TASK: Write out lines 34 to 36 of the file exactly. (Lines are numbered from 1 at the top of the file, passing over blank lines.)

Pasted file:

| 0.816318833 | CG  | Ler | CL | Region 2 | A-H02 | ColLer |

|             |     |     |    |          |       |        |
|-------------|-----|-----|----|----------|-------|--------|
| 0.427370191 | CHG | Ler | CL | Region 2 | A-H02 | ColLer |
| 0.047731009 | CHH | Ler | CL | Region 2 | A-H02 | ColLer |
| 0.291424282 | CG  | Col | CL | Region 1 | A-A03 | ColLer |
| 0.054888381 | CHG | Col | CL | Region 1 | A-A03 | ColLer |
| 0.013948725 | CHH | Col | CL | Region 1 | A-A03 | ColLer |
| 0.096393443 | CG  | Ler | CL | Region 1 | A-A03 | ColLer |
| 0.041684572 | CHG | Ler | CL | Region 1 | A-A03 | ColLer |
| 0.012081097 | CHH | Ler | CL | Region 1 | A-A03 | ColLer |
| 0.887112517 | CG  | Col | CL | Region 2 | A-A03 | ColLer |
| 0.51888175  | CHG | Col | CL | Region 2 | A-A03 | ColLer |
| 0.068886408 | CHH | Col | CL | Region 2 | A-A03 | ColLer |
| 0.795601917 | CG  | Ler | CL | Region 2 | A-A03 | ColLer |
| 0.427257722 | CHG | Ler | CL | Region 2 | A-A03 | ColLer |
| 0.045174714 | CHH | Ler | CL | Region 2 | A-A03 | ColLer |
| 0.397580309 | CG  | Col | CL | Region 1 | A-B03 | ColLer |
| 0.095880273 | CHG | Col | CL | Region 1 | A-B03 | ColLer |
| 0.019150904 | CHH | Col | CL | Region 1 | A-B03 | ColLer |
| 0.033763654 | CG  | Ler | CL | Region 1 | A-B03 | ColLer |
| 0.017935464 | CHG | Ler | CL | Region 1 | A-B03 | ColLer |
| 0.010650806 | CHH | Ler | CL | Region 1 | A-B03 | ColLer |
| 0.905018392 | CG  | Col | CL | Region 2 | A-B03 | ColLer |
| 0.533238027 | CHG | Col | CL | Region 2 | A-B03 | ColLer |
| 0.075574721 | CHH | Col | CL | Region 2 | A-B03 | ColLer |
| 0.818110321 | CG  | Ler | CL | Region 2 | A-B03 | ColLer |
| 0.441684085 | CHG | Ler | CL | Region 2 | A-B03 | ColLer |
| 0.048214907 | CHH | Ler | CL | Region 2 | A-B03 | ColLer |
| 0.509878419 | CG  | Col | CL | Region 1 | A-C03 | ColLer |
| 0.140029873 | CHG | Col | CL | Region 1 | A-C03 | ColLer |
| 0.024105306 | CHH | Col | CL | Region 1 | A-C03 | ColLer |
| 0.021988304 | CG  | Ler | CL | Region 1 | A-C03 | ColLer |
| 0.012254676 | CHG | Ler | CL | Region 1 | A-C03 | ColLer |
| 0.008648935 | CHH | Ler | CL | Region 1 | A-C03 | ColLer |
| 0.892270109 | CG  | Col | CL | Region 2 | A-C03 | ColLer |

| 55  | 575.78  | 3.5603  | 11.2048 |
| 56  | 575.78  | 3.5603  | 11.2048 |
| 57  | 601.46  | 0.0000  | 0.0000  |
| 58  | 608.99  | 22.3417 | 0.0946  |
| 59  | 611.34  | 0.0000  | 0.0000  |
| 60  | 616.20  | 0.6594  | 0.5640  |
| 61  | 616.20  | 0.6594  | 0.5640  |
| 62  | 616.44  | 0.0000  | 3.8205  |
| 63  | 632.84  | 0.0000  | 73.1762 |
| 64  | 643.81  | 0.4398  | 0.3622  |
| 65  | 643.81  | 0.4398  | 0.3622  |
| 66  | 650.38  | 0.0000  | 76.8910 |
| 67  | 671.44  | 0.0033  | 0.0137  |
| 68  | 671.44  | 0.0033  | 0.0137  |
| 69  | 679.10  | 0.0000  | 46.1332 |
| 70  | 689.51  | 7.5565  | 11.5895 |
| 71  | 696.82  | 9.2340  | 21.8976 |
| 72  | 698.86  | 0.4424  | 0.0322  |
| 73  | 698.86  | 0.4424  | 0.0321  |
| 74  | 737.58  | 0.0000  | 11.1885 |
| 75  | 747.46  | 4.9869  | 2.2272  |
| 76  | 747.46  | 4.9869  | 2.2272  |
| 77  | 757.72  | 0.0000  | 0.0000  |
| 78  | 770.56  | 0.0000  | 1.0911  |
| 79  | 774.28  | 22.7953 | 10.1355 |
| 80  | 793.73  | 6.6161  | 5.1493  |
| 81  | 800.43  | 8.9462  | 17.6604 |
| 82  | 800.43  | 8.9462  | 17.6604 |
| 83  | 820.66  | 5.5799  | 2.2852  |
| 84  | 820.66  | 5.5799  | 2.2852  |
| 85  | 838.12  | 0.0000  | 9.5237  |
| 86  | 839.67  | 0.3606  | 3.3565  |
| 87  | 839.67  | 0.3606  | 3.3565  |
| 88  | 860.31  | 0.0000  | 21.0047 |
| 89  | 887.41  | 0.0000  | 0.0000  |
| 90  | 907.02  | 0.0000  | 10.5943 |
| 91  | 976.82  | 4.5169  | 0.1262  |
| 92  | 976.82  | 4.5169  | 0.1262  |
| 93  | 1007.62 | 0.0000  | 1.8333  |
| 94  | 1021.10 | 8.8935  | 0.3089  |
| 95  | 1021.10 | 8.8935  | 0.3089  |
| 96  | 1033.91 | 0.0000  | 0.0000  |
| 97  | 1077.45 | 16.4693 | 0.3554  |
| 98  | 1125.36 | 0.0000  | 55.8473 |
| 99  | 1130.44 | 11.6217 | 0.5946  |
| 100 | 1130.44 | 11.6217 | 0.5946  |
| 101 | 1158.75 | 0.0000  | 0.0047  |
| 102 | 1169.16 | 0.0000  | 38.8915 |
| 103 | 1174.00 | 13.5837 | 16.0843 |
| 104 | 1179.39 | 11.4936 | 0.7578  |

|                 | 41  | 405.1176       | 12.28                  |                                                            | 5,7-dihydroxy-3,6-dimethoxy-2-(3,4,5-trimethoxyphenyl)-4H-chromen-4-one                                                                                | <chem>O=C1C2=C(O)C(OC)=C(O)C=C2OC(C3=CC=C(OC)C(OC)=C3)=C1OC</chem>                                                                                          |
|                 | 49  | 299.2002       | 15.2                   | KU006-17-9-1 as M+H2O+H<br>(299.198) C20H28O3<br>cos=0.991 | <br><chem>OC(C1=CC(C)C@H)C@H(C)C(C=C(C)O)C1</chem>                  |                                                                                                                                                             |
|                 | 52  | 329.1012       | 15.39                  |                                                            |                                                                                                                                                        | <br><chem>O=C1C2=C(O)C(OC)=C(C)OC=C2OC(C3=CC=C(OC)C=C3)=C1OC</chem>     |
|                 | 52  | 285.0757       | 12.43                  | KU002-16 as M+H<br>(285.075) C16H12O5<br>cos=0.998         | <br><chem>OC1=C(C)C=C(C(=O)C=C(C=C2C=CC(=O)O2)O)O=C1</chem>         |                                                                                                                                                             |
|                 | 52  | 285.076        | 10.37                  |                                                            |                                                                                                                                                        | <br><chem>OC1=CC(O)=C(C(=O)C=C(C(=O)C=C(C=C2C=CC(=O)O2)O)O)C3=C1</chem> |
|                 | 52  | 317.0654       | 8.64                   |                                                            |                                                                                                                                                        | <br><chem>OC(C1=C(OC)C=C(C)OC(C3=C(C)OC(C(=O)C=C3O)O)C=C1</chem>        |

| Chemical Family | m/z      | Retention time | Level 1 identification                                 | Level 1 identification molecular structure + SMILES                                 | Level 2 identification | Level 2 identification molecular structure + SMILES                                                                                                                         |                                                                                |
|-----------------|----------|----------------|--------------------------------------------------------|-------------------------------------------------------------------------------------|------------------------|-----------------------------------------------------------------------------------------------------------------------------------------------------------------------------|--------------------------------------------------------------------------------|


| 0.012254676 | CHG | Ler | CL | Region 1 | A-C03 | ColLer |
| 0.008648935 | CHH | Ler | CL | Region 1 | A-C03 | ColLer |
| 0.892270109 | CG  | Col | CL | Region 2 | A-C03 | ColLer |